• Welcome to our site! Electro Tech is an online community (with over 170,000 members) who enjoy talking about and building electronic circuits, projects and gadgets. To participate you need to register. Registration is free. Click here to register now.

Automotive Power Supply Regulator Circuit

Status
Not open for further replies.

Kryex

New Member
Hi

I am working on a tracking system for vehicles (both cars and trucks).
The system power supply is the vehicle's battery (which supplies 12V or 24, for cars and trucks respectively), which may have many fluctuations (spikes, negative voltages, noise, transient voltages, etc.).
The tracking system needs 5V and 500mA constant (it may peak at 700mA), which means a regulator circuit from the vehicle battery (12-24V) to 5V (500mA~700mA) is necessary.
Price is an important factor, it should be as cheap as possible.

I have designed the following circuit to deal with the voltage regulation:

View attachment 64935

What do you think?

Do you have a different suggestion? I am open to different circuits (specially more simple ones), which regulate the voltage to 5V and protects from the voltage irregularities in the vehicle's battery.

Thanks in advance.
If you need to know anything else let me know.
 

WTP Pepper

Active Member
7805 and a small heatsink. Total cost about 25 cents.
Depends on how reliable you want it to be. A regulator specifically for vehicle electrics is required.
There is a thing known as load dumping present on vehicles. A flat/dead vehicle battery being jump started from a healthy battery. Once the jump leads are removed there can be a huge voltage spike because the dead vehicle battery isn't taking any charge from the alternator. Result is a fried circuit.

http://www.electro-tech-online.com/custompdfs/2012/06/LM2935-DPDF.pdf is one I've used before.
 

picbits

Well-Known Member
I've started using the Micrel MIC2951 - great little devices but only a couple of hundred ma - they do the 1 amp regulators though for automotive use - well worth a look as they don't need any "magic" output capacitors that the LM2940 appear to need.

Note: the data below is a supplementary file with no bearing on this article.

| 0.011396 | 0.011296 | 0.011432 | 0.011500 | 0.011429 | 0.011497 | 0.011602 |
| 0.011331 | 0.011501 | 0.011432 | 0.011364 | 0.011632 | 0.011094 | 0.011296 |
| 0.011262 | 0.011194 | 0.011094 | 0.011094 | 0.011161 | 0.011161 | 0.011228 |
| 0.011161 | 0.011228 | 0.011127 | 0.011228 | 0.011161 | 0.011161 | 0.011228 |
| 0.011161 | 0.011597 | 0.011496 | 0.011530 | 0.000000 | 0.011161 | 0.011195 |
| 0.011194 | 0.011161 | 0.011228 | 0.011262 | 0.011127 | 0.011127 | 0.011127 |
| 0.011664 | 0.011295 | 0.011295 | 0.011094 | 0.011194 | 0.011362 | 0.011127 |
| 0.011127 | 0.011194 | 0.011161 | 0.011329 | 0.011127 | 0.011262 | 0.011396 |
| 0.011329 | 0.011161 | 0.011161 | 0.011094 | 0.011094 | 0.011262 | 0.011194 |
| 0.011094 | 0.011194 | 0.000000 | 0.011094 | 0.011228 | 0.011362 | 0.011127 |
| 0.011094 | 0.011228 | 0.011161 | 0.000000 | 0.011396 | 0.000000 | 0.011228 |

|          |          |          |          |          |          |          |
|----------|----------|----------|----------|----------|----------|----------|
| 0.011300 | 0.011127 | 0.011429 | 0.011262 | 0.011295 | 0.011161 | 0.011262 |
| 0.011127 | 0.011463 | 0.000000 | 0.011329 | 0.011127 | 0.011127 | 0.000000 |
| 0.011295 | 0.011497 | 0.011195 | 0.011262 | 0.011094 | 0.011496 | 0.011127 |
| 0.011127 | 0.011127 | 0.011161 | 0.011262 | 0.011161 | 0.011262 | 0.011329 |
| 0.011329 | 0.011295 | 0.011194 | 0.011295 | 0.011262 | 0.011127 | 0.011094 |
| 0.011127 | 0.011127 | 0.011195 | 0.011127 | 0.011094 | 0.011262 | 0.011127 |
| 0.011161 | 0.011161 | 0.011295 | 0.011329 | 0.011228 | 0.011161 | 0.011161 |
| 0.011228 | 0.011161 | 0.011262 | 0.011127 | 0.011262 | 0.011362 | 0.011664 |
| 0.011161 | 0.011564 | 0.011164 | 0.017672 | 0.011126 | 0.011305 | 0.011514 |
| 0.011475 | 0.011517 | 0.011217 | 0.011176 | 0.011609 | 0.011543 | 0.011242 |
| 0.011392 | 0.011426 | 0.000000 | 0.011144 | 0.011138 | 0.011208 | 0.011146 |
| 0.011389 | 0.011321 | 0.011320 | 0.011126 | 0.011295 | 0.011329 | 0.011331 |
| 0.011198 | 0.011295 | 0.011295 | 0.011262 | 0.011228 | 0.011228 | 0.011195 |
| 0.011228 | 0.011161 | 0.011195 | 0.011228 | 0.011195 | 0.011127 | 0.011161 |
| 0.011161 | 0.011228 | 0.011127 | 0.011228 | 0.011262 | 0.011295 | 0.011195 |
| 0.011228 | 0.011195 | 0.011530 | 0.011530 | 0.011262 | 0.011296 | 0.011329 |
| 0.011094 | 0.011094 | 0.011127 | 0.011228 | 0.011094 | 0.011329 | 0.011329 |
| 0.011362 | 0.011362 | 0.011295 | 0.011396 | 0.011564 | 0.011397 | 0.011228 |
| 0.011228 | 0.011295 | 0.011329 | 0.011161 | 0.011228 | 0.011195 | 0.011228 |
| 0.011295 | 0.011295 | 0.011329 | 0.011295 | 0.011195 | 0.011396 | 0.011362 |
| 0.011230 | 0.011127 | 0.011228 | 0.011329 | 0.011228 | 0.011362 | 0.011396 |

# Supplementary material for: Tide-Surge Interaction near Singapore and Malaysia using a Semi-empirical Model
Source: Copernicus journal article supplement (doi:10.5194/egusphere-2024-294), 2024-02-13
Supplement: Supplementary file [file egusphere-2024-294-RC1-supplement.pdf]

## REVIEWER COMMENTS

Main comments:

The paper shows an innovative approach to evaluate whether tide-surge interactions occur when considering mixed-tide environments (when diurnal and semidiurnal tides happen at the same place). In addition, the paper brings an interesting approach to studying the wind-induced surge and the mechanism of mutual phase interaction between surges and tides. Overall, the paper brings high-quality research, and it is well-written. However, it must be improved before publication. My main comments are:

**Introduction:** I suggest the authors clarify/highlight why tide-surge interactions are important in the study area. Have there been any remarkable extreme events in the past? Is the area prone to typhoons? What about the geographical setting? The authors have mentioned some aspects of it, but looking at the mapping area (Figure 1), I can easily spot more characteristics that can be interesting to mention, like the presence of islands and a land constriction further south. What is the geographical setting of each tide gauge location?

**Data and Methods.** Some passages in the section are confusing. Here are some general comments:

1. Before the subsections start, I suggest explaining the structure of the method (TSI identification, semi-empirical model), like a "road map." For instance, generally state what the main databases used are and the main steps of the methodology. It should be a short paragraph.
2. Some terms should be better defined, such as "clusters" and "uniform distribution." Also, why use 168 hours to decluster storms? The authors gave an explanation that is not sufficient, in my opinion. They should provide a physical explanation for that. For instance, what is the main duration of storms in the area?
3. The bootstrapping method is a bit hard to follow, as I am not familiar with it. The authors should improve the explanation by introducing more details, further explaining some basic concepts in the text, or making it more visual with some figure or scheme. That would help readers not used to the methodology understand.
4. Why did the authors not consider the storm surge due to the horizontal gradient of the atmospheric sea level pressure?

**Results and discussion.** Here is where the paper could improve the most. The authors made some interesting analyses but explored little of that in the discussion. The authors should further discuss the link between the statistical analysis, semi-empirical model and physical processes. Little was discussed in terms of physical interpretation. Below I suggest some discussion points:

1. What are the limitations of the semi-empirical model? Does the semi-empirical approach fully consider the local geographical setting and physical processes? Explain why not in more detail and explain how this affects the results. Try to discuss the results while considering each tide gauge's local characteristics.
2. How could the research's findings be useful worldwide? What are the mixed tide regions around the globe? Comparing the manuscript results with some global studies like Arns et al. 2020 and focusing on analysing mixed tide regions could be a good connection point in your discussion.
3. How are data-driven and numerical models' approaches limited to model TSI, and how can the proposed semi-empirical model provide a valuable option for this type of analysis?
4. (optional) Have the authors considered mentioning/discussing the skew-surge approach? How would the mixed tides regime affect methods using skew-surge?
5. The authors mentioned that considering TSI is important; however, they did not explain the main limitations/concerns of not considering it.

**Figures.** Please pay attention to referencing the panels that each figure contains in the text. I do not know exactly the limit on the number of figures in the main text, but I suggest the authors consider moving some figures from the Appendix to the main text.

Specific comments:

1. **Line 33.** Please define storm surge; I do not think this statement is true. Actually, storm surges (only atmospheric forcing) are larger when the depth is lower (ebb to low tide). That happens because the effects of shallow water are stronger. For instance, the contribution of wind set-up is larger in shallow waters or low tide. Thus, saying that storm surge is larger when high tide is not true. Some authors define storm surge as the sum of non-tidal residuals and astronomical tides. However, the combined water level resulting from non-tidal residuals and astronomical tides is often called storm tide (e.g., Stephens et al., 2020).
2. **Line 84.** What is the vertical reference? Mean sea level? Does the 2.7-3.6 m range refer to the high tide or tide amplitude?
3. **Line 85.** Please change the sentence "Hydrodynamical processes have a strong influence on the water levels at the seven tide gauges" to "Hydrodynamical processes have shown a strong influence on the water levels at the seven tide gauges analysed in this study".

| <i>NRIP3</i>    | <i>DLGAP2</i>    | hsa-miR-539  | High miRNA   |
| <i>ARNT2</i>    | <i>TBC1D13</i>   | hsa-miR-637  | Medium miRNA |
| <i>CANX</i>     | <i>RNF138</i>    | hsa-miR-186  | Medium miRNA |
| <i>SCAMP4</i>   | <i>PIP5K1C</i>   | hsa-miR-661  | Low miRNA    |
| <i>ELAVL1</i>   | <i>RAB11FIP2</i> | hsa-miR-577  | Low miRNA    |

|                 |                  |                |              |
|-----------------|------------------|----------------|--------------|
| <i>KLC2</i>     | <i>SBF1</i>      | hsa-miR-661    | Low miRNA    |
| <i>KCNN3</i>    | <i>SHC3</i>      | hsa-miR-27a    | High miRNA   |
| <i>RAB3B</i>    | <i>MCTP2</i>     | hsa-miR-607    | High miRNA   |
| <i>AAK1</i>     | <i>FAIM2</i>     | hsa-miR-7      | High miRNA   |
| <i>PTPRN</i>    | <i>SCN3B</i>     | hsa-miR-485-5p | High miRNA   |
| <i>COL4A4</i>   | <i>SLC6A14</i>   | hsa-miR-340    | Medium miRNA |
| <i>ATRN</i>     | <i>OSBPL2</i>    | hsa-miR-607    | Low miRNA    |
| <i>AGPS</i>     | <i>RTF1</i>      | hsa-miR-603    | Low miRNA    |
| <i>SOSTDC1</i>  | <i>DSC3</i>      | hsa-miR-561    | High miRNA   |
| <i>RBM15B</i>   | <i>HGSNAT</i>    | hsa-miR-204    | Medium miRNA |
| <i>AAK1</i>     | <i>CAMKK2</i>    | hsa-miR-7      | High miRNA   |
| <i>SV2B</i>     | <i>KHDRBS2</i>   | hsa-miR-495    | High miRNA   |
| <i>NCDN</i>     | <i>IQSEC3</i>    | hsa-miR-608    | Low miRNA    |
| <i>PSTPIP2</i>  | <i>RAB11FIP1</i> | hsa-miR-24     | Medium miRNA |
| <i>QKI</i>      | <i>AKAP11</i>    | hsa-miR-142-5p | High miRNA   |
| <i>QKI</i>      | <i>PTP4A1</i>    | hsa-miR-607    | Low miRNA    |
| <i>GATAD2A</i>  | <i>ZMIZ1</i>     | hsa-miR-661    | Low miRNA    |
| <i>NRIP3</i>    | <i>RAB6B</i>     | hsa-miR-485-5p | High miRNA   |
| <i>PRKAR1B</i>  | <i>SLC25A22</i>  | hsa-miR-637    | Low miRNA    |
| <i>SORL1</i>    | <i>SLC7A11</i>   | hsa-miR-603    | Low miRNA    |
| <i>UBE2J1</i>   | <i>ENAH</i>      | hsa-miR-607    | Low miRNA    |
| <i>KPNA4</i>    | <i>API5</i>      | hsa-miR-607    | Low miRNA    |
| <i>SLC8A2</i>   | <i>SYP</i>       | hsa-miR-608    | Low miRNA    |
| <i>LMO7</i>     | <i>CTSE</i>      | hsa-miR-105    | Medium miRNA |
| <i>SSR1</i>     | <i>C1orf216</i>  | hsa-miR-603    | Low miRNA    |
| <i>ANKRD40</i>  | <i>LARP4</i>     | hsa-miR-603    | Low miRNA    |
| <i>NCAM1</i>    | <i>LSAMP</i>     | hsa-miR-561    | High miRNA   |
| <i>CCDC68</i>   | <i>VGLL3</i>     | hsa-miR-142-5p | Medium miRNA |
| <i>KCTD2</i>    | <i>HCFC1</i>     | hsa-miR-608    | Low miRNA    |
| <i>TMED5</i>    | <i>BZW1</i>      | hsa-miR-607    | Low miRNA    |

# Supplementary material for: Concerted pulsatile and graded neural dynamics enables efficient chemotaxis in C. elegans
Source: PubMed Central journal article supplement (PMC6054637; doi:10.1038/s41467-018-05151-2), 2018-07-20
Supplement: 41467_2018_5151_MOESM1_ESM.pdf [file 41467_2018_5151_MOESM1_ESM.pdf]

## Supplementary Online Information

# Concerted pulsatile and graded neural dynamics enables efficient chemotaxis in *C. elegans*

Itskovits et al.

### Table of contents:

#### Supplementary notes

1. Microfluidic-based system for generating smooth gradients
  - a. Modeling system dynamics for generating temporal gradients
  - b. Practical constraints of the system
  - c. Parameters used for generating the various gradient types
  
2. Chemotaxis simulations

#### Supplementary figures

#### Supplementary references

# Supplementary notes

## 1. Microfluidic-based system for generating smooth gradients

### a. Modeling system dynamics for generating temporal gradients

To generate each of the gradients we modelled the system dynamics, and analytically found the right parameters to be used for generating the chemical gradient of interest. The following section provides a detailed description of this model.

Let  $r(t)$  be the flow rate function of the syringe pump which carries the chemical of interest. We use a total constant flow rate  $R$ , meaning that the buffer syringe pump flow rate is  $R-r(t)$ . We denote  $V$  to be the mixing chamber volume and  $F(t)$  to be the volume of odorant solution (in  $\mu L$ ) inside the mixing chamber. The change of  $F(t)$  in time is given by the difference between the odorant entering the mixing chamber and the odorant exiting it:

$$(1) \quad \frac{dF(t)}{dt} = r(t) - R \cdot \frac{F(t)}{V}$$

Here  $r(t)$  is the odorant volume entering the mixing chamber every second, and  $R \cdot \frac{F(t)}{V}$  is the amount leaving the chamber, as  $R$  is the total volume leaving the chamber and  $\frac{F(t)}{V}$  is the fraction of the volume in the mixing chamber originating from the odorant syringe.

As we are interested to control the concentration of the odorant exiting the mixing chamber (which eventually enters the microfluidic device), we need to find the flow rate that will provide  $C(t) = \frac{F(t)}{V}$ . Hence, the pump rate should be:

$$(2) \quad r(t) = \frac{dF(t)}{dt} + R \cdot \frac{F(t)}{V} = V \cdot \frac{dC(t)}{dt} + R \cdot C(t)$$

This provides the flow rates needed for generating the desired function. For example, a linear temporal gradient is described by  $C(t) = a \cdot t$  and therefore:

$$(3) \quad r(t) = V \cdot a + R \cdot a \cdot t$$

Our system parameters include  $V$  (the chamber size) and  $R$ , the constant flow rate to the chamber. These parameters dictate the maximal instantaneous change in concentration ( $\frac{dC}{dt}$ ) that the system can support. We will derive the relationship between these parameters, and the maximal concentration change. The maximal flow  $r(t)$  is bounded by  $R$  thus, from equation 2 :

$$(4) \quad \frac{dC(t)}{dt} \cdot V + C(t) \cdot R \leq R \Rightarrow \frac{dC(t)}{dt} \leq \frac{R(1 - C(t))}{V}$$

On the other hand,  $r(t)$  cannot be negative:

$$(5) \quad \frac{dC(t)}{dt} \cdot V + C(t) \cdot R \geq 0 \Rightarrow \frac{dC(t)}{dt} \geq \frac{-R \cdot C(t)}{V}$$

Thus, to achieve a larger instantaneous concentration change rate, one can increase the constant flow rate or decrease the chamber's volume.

Kryex

New Member
Thanks everyone for your feedback.

Take a look at this device, the LTC4366: http://www.linear.com/product/LTC4366 or this LTC4363: http://www.linear.com/product/LT4363

There are a lot of regulators and transient regulators for the automotive environment. You should be able to accomodate both 12 and 24 V systems.
I have looked into linear's solutions (ex. LT4356), but they are too expensive for the price range I had intended for this project.

7805 and a small heatsink. Total cost about 25 cents.
This doesn't seem to be reliable enough for the automotive environment.

Depends on how reliable you want it to be. A regulator specifically for vehicle electrics is required.
There is a thing known as load dumping present on vehicles. A flat/dead vehicle battery being jump started from a healthy battery. Once the jump leads are removed there can be a huge voltage spike because the dead vehicle battery isn't taking any charge from the alternator. Result is a fried circuit.

http://www.electro-tech-online.com/custompdfs/2012/06/LM2935-DPDF.pdf is one I've used before.
LM2935 seems very nice, but neither have I found it for sale in any of my usual online stores nor have I found a replacement with similar specs.

I've started using the Micrel MIC2951 - great little devices but only a couple of hundred ma - they do the 1 amp regulators though for automotive use - well worth a look as they don't need any "magic" output capacitors that the LM2940 appear to need.
It also seems ok, but with a very low output current (150mA). It is not enough, as I need a guaranteed 500mA output.
 

bountyhunter

Well-Known Member
This doesn't seem to be reliable enough for the automotive environment.